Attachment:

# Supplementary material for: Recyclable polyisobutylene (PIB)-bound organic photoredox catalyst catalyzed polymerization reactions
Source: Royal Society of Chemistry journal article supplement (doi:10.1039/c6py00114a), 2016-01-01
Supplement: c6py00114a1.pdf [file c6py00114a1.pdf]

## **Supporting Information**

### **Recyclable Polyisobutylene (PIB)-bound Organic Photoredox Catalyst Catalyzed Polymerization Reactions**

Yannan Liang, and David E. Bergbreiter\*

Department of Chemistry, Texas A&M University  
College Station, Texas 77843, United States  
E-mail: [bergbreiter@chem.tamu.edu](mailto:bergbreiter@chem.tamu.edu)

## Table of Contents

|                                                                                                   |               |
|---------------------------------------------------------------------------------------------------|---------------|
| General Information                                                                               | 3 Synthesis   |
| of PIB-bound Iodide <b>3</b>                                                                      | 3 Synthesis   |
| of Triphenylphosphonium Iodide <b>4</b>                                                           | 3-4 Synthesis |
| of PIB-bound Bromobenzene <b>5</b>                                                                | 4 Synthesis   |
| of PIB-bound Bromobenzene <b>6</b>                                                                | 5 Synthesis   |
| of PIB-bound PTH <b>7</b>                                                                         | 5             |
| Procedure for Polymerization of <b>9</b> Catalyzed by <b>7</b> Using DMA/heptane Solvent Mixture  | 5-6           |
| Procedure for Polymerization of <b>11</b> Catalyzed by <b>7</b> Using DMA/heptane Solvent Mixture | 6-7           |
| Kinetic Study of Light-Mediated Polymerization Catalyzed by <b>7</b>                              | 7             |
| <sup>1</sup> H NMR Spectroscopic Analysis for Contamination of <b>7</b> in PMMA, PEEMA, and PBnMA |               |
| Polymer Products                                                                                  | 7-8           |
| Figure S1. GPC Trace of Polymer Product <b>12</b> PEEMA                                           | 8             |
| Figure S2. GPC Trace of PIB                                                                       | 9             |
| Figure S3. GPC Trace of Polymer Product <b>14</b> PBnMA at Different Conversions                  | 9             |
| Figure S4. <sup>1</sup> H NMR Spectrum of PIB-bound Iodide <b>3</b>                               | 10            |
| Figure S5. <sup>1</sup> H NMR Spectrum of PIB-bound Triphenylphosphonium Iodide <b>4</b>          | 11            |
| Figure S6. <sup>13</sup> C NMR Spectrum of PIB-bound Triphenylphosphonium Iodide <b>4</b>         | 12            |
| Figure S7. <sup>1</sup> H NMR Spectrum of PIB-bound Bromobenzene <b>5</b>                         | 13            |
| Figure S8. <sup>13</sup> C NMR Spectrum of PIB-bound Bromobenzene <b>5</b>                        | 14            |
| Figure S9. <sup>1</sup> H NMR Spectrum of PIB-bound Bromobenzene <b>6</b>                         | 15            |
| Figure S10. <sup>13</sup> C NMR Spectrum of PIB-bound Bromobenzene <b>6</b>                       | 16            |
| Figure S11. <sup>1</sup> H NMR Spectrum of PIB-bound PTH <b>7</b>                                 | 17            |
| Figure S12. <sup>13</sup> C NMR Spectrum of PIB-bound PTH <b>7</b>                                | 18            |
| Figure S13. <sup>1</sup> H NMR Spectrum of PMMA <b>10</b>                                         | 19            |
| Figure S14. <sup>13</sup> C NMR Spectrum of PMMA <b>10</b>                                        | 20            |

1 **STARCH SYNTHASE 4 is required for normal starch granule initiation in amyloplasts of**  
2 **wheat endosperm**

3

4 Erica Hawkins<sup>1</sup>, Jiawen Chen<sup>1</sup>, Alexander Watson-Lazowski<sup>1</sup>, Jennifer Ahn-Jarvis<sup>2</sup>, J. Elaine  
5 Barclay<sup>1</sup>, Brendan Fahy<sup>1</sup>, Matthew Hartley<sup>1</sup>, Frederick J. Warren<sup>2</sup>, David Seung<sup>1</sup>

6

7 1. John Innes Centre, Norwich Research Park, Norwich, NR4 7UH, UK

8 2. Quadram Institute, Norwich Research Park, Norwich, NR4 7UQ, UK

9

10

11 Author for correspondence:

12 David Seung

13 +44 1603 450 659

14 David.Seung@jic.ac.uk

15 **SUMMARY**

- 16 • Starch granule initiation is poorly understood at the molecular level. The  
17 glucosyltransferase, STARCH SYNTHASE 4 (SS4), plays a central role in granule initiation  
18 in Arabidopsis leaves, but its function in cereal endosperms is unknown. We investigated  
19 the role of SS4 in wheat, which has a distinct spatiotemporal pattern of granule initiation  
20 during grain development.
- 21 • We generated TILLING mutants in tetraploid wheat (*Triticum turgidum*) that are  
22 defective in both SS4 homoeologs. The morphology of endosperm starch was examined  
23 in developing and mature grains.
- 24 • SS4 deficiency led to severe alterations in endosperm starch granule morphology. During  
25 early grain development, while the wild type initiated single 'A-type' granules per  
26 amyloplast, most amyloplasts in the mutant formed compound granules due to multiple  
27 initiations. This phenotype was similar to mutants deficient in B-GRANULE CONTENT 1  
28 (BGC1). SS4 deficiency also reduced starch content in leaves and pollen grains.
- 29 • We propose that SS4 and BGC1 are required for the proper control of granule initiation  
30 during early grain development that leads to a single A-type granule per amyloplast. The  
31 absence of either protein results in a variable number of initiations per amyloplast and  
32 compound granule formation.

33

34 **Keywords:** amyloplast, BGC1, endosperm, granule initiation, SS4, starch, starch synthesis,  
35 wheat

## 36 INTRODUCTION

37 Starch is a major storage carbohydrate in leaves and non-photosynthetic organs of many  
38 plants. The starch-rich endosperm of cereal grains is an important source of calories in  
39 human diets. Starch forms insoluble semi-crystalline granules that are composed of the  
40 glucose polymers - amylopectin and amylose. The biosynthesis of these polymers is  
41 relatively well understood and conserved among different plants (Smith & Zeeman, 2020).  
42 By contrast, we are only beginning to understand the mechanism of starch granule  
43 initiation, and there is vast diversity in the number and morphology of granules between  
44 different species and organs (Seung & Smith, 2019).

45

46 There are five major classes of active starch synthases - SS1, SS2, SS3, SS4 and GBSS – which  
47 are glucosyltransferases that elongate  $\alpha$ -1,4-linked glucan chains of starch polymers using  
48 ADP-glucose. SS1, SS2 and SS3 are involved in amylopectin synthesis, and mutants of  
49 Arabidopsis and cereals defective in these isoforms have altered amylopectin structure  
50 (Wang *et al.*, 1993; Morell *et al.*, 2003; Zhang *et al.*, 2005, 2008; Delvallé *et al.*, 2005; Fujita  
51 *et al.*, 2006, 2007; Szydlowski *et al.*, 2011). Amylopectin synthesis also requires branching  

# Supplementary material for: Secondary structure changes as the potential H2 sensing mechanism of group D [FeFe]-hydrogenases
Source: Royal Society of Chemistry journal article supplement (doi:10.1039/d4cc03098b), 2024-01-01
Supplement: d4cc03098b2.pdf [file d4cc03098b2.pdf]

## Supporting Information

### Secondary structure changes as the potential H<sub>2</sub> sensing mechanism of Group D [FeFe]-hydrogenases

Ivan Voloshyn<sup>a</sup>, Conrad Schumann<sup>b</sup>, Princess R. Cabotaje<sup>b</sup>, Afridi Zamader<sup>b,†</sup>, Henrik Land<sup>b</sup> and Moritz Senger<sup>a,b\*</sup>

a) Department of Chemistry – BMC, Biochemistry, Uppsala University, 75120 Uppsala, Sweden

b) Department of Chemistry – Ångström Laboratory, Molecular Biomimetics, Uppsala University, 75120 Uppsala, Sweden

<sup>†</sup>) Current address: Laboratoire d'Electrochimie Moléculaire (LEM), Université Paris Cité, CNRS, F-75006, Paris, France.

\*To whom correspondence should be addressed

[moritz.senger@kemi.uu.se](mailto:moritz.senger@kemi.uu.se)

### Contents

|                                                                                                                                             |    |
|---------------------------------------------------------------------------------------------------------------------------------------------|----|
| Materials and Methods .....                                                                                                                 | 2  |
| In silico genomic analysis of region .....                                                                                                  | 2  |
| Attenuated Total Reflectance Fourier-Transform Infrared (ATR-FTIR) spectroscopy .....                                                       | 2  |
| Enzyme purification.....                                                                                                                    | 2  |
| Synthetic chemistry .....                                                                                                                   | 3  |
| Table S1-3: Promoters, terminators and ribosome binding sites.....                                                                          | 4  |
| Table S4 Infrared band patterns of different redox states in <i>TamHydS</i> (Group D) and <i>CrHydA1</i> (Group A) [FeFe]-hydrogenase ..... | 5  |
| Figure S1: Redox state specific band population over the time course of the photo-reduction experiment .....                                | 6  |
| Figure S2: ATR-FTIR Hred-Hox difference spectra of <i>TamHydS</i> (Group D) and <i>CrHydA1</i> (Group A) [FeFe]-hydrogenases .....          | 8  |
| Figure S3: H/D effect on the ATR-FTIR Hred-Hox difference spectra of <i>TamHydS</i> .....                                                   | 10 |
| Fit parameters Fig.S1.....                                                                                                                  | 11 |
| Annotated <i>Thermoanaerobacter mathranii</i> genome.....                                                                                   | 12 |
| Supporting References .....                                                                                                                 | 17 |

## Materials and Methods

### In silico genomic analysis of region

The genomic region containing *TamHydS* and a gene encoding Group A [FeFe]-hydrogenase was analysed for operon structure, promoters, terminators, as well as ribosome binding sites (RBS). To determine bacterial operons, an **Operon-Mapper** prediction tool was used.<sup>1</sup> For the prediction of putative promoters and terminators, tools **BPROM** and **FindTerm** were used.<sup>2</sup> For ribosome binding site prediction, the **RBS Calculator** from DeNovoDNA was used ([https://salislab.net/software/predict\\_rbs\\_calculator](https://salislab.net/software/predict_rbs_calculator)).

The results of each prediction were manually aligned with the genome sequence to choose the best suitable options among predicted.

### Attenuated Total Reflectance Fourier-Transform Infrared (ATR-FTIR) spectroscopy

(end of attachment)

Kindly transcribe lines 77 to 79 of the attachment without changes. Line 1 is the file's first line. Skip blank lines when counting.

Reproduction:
40 glucose polymers - amylopectin and amylose. The biosynthesis of these polymers is  
41 relatively well understood and conserved among different plants (Smith & Zeeman, 2020).  
42 By contrast, we are only beginning to understand the mechanism of starch granule  